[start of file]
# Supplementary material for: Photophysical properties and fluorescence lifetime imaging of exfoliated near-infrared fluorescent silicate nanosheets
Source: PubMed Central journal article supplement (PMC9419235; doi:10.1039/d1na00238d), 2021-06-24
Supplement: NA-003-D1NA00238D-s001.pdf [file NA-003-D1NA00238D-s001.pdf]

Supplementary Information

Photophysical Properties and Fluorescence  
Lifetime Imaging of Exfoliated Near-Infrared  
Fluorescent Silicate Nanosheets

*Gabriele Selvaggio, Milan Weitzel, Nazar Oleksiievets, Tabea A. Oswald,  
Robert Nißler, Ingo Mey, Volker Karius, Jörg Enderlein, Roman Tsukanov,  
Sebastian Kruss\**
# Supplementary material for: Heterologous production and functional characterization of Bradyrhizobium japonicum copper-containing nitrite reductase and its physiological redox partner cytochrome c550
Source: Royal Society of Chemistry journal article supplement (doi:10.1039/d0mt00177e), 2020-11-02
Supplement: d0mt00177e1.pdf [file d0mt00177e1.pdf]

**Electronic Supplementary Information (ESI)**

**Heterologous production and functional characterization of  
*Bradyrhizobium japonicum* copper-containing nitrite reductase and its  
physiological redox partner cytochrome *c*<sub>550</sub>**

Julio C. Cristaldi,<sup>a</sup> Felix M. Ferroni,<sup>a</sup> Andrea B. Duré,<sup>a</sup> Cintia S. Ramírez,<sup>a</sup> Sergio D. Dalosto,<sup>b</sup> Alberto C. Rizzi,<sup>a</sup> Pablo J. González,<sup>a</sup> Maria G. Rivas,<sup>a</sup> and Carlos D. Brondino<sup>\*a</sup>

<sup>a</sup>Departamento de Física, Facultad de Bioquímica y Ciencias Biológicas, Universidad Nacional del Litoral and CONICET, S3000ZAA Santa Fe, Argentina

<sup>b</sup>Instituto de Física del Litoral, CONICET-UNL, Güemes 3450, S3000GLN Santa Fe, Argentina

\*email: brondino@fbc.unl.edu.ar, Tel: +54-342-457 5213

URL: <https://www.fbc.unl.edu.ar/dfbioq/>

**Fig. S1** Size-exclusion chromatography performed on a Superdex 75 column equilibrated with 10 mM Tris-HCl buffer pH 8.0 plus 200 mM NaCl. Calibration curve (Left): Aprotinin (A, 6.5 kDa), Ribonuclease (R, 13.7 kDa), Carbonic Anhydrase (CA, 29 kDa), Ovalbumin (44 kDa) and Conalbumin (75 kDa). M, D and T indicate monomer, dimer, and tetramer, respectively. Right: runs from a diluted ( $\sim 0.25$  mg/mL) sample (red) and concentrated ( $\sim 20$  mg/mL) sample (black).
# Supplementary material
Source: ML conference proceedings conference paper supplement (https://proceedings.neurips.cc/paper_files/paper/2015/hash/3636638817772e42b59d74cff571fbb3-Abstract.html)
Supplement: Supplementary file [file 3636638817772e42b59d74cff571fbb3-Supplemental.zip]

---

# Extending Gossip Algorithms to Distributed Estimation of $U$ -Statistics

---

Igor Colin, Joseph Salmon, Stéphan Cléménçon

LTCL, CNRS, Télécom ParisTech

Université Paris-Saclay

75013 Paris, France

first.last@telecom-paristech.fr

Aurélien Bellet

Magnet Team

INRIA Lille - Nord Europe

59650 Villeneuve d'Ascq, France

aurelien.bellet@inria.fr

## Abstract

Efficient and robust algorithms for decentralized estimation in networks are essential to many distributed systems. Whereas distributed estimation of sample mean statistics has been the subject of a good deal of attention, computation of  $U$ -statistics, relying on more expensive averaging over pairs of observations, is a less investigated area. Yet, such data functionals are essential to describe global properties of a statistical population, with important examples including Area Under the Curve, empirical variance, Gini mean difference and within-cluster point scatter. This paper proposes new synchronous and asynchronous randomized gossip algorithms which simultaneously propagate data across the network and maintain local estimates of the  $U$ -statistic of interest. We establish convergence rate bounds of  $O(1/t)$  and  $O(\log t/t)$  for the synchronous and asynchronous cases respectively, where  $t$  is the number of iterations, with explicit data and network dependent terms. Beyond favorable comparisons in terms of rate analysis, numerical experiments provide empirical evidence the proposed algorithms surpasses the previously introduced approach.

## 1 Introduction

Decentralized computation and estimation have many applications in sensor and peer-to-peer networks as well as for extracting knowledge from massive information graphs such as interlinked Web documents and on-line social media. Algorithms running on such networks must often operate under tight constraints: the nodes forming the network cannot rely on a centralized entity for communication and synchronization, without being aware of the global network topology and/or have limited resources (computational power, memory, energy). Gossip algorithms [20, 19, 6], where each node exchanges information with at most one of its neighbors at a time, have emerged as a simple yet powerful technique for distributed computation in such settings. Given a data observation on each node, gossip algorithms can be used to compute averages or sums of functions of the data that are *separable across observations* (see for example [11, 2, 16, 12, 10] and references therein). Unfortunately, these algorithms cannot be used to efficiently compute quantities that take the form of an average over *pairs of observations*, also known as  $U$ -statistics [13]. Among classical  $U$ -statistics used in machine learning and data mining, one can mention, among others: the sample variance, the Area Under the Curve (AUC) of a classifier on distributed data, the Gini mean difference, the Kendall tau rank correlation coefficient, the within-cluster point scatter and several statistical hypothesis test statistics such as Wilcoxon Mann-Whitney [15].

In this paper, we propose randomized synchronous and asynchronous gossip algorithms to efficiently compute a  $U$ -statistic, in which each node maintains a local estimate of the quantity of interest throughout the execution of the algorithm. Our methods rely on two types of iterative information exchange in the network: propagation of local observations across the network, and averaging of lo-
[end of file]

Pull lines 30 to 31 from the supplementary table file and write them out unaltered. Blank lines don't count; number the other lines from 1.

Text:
Igor Colin, Joseph Salmon, Stéphan Cléménçon

LTCL, CNRS, Télécom ParisTech